There will always be a voice inside me telling me that it’s ok to create out of the lines. It’s just that once you go out of them, you have to fill in with colours every tiny corner of the paper.


Blue elephant telephone booth, Covent Garden, London, 3 March ’16

 Many years have passed since Argyro first told me and and I guess I just adopted it because  everything she was advising me looked like a ‘golden recipe’ in my child eyes. No, I cannot possibly call Argyro my ‘nanny’ because she simply wasn’t. How do you call the person with whom you walk, cook, sunbath, draw and study together, when you are 6? The person who finds your idea of composing a “Deaf Mermaids’ Musical” super cool and plausible for a 2nd-grade of primary school essay and patiently listens to your imagination unfolding while cooking fasolakia (aka greek turkish-style beans!)? She taught me how to draw, paint, write, walk without complaining, study without help and certainly behave politely and, above all, act kindly. She showed me how to wash and braid my hair ALONE, completely disregarding the fact that it was immense, curly and unmanageable. For her, everything could be done, or better put, everything could be taught. She listened to my endless (and painful) hours of practising the piano, when at the time, my Russian piano teacher has convinced me that if I practice rigorously, he would take me to Moscow and train me to be the next big star of the classical music scene!

When my parents got divorced and consequently, I changed family structure, town, house and school, I was remarkably insensitive and drama-free. That’s because I knew she would board the same boat to Athens with me and my mum (and the parrot!), and would stay with us for a few months. So, in my mind my life would not be tragically different, since she would be around! I have tried to call her my ‘educator’ but I find it too serious, my ‘friend’ but it sounds too light-weighted, my ‘second mum’ but she was super young when she was taking care of me. Hence, I concluded that every time someone asks I can only express who she is in periphrasis: “Argyro is the lady who raised me, whom I adore and I consider as my family”.

Today Argyro has two gorgeous little girls, who fill my life with pure bliss when they run around me, drag my skirt to hug me and ask in the cutest way ‘is Emmanouela coming back soon?’ They remind me of myself being around Argyro, endlessly talking and asking questions and stubbornly refusing to exit the house unless she lets me choose the skirt I want (mum, no normal 90s little girl liked wearing jean jumpsuits with adidas stan smith!)

Argyro has always been present in the memory snapshots of my childhood in Rethymno, filling my child heart with unquestionable love and tenderness. I can safely say she is my ‘idol mum’ and an indispensable existence, along with my dad’s family, that makes my first step in Cretan soil feel like returning home.

When I stumbled upon this telephone booth in Covent Garden, I immediately thought of her. It was a completely instinctive association my brain made before me realising why. It seems that her voice secretly accompanies me in life, as I grow older. Among all the things she is for me, she is also my first teacher. They say that the best teachers are those who show you where to look but don’t tell you what to see. Argyro opened my eyes and mind in the possibility of creating out of the lines, and, then let me colour it by myself, the way I have imagined it to be. Then I started my journey into formal education and for 14 years, I was taught how to ‘paint by numbers’, perform by numbers, express myself in numbers, prove with numbers, talk in numbers.  The more aligned I was with the ‘lines’, the more successful I was, or so I thought. I stopped drawing because I simply considered myself untalented to do so.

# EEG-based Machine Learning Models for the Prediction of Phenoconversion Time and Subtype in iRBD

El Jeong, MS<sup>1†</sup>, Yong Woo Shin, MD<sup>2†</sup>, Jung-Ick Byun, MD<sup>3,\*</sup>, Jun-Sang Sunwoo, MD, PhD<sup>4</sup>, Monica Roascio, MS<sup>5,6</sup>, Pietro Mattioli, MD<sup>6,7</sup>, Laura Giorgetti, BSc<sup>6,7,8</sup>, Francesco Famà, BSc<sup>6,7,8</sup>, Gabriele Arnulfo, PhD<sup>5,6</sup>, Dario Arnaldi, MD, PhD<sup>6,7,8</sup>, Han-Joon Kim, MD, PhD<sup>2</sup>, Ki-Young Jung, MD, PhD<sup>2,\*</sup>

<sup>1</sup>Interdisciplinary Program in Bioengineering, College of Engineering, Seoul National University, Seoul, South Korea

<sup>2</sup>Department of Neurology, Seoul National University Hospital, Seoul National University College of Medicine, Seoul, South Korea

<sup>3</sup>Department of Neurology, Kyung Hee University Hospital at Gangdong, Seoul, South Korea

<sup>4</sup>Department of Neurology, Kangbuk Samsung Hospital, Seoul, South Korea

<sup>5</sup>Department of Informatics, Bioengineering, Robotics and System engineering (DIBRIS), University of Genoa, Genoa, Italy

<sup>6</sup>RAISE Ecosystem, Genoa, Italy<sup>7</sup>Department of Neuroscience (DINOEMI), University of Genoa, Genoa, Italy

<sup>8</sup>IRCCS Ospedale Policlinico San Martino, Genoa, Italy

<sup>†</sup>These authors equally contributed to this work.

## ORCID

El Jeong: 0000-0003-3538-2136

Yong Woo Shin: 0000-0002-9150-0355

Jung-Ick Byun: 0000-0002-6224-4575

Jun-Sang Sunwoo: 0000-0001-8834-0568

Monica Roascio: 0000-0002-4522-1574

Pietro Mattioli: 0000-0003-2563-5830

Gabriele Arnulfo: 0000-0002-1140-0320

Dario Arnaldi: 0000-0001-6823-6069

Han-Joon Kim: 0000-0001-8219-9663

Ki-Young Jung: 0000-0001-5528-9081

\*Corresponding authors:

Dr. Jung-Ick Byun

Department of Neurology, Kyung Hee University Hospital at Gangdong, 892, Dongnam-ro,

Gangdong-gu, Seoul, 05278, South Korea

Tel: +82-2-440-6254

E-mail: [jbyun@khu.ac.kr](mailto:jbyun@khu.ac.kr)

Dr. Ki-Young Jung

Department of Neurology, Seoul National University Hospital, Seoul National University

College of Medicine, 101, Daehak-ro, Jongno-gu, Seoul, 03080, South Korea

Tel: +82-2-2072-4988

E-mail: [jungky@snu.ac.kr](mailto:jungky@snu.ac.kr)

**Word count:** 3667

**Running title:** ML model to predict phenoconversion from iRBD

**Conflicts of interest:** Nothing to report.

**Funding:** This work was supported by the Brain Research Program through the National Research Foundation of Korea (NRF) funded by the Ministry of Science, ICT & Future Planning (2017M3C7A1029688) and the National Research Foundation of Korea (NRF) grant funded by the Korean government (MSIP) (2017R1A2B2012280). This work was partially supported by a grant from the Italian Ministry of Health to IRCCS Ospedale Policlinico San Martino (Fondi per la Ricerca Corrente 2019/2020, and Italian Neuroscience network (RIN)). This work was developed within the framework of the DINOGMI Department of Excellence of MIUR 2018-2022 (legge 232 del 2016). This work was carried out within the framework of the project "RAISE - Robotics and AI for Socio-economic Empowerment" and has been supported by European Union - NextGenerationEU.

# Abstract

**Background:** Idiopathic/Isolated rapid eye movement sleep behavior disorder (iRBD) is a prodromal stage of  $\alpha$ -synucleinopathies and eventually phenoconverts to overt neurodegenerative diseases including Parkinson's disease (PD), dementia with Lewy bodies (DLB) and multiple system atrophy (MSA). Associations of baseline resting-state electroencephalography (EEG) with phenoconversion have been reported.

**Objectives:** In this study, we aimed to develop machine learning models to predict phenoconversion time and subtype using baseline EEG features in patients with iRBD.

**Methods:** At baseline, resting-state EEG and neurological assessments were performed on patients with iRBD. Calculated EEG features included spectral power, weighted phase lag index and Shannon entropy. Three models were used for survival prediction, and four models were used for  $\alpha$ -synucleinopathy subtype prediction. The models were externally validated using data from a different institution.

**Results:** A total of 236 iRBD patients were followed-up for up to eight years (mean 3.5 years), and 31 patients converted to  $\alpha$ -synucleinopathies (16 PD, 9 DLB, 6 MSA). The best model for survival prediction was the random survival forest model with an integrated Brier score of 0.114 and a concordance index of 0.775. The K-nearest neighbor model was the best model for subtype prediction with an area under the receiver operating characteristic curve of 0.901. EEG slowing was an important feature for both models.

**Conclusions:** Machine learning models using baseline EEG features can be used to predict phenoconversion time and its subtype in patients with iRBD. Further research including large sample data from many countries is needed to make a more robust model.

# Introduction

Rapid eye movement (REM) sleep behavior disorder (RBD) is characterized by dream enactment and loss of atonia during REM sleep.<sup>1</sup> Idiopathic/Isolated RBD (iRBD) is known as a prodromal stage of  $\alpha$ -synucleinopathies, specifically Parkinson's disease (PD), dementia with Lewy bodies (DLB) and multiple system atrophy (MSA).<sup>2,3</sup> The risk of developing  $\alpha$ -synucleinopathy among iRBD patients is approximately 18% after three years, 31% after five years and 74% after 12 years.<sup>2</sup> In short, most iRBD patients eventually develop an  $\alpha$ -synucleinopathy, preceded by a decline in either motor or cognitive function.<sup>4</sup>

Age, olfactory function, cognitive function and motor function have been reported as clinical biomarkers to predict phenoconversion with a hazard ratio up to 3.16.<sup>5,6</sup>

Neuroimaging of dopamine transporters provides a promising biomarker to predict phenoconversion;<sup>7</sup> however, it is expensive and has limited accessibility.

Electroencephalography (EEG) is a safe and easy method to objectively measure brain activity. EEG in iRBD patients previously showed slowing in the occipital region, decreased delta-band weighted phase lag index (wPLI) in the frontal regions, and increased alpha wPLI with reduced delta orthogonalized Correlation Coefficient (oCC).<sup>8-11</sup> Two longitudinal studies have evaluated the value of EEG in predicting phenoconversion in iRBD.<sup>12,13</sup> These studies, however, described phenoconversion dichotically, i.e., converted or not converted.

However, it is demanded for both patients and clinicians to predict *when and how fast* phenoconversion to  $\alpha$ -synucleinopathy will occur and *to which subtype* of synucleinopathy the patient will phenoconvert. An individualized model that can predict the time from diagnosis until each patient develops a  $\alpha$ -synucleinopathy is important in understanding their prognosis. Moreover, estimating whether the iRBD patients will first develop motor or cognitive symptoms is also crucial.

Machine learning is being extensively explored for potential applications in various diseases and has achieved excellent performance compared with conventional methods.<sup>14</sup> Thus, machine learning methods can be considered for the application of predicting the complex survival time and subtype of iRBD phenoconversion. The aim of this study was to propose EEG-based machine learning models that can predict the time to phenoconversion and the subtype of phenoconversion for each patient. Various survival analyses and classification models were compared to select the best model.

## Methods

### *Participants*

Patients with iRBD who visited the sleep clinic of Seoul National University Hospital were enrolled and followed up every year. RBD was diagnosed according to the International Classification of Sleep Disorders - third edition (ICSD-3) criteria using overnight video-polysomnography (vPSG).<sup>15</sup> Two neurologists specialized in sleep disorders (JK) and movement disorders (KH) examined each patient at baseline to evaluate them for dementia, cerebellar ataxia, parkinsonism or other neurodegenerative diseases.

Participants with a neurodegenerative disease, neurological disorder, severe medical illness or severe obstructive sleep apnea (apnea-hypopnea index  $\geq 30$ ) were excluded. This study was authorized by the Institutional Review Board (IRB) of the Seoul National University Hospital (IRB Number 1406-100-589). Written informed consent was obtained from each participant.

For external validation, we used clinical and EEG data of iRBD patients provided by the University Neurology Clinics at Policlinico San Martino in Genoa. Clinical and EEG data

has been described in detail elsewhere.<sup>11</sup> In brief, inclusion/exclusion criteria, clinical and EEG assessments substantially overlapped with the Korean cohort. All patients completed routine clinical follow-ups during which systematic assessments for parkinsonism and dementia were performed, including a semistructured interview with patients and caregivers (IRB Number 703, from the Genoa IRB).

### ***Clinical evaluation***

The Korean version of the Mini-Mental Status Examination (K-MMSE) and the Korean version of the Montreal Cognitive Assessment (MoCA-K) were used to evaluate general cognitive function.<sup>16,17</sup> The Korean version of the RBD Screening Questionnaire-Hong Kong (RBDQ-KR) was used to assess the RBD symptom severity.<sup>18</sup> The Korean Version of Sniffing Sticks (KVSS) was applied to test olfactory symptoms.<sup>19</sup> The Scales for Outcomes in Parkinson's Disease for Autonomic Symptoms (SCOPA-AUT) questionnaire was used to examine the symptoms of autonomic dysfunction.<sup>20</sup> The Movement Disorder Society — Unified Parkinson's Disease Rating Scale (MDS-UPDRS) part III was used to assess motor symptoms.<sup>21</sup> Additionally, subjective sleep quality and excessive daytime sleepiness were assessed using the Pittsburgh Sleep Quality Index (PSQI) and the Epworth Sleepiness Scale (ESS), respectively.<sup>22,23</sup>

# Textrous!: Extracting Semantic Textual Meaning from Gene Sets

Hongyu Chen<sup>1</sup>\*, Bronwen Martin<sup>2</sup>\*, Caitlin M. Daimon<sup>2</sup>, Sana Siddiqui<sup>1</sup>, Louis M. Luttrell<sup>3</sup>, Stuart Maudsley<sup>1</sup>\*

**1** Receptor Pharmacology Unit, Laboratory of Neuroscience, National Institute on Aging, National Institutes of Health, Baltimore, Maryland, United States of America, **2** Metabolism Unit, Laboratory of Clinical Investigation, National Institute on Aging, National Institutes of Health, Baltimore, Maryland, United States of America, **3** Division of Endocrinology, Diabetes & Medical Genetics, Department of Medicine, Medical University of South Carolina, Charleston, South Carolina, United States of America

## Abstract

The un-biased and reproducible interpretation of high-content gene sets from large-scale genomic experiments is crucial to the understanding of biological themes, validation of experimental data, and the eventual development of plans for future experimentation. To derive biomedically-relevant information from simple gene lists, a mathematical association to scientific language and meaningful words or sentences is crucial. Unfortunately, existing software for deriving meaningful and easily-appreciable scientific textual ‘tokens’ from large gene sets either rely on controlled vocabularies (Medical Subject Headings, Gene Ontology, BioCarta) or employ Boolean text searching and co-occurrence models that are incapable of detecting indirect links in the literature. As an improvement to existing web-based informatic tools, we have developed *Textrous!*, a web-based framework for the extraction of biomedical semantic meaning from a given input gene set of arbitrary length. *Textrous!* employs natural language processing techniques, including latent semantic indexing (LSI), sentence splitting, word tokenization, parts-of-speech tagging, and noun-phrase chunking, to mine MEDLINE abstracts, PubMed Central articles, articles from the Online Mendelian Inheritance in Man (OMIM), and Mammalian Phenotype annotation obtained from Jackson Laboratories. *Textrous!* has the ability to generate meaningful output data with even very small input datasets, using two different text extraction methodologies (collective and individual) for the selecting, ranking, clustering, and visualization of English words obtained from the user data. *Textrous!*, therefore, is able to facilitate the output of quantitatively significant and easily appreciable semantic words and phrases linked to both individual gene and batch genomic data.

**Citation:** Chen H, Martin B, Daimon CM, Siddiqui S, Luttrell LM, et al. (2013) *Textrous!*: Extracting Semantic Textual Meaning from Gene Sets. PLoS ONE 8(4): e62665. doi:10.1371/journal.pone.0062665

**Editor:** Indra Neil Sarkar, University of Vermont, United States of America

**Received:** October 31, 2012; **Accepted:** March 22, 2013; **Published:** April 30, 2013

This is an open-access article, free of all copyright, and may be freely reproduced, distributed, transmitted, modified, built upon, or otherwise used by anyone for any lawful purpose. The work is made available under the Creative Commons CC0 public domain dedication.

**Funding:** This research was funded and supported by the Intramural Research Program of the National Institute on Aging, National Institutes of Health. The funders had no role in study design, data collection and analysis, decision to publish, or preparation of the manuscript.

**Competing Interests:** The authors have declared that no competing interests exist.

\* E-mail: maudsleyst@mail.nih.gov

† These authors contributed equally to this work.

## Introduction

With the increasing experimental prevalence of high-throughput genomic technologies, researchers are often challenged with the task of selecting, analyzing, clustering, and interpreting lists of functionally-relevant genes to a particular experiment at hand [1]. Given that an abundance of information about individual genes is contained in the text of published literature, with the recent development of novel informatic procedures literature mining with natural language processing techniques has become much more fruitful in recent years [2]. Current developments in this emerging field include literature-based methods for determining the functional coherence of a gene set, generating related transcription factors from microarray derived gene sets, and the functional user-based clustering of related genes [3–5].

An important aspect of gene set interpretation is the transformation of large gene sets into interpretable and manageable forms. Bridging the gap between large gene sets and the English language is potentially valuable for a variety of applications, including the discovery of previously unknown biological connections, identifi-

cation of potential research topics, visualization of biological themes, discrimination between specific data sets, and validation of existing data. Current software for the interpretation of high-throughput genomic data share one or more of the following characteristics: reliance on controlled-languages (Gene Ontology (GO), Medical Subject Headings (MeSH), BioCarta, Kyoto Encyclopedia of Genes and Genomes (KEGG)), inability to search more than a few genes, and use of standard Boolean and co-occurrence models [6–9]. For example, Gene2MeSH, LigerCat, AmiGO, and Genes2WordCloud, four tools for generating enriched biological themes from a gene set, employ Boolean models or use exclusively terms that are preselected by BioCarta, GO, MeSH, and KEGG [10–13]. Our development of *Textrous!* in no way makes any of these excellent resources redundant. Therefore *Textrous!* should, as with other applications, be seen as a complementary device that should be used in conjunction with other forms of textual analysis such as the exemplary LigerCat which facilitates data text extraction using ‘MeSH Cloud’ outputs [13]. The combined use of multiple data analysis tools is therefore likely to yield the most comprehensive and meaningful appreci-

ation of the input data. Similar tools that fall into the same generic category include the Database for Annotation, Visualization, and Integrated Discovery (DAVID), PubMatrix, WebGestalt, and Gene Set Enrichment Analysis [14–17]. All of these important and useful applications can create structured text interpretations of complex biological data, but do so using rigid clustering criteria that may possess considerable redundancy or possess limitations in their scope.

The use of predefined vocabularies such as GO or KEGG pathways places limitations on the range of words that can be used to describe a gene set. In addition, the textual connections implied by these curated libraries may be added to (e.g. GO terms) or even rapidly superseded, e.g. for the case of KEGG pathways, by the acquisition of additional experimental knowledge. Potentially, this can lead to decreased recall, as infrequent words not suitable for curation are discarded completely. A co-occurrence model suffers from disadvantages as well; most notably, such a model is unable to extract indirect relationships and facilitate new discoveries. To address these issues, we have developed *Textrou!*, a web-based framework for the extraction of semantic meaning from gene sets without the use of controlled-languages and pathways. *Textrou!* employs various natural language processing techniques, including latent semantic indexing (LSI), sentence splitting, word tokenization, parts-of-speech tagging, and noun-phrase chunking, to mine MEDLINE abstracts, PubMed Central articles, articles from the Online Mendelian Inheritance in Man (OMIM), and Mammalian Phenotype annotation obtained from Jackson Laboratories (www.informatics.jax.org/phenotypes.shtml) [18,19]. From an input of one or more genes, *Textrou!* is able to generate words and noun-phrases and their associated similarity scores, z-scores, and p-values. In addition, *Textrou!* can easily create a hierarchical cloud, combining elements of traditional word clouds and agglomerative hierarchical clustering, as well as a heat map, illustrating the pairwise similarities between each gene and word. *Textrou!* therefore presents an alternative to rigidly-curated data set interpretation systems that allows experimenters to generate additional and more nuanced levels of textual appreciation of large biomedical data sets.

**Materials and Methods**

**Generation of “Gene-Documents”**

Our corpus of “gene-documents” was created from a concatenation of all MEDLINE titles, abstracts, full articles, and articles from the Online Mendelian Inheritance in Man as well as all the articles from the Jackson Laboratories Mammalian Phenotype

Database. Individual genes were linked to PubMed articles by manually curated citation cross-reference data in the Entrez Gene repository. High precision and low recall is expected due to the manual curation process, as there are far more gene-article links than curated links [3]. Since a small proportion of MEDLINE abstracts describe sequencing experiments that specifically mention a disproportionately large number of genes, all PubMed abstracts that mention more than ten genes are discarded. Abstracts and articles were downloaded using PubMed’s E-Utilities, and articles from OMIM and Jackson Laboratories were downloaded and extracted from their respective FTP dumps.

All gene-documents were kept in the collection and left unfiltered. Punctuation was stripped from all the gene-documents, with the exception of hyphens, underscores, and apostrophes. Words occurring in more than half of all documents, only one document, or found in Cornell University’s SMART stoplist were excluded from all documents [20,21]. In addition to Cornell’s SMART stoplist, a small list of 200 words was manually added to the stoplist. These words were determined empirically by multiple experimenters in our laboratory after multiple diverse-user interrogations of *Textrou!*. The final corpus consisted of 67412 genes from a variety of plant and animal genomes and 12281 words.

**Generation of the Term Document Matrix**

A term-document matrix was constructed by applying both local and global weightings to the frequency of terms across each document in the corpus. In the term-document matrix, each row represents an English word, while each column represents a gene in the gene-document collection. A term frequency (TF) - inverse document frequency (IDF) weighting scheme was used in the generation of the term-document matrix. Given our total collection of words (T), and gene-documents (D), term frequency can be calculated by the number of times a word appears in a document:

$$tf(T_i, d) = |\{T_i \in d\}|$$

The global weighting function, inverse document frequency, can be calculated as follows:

And in the meantime, I completely forgot how good I once was in colouring out of the lines. One day, I discovered in our country house some folders my mum keeps with all the drawings, writings, cards and little constructions I made as a kid. I opened it and an entire universe of colours unfolded in front of my eyes. Boats with 10 floors and little colourful windows, chaises longues in sandy beaches where the sky is always blue and the sun bright yellow, air planes making their way through colourful clouds, birthday cards with confetti and primary school essays with my tiny letters but hugely imaginative ideas, characters, places and stories. Argyro has taught me how to create out of the lines, long time ago. It was me who forgot.

As we grow old, we all try to draw the perfect elephant and colour him grey. That’s how far our eyes can see. In the meantime, we gradually shut our child eyes that could once plentifully write about blue elephants. Argyro, thanks for igniting my imagination when I was still tiny and had two braids! Digging in my memories can now show me the way  to step out of the lines again, colour with reckless abandon and create my own (adulthood) blue elephants…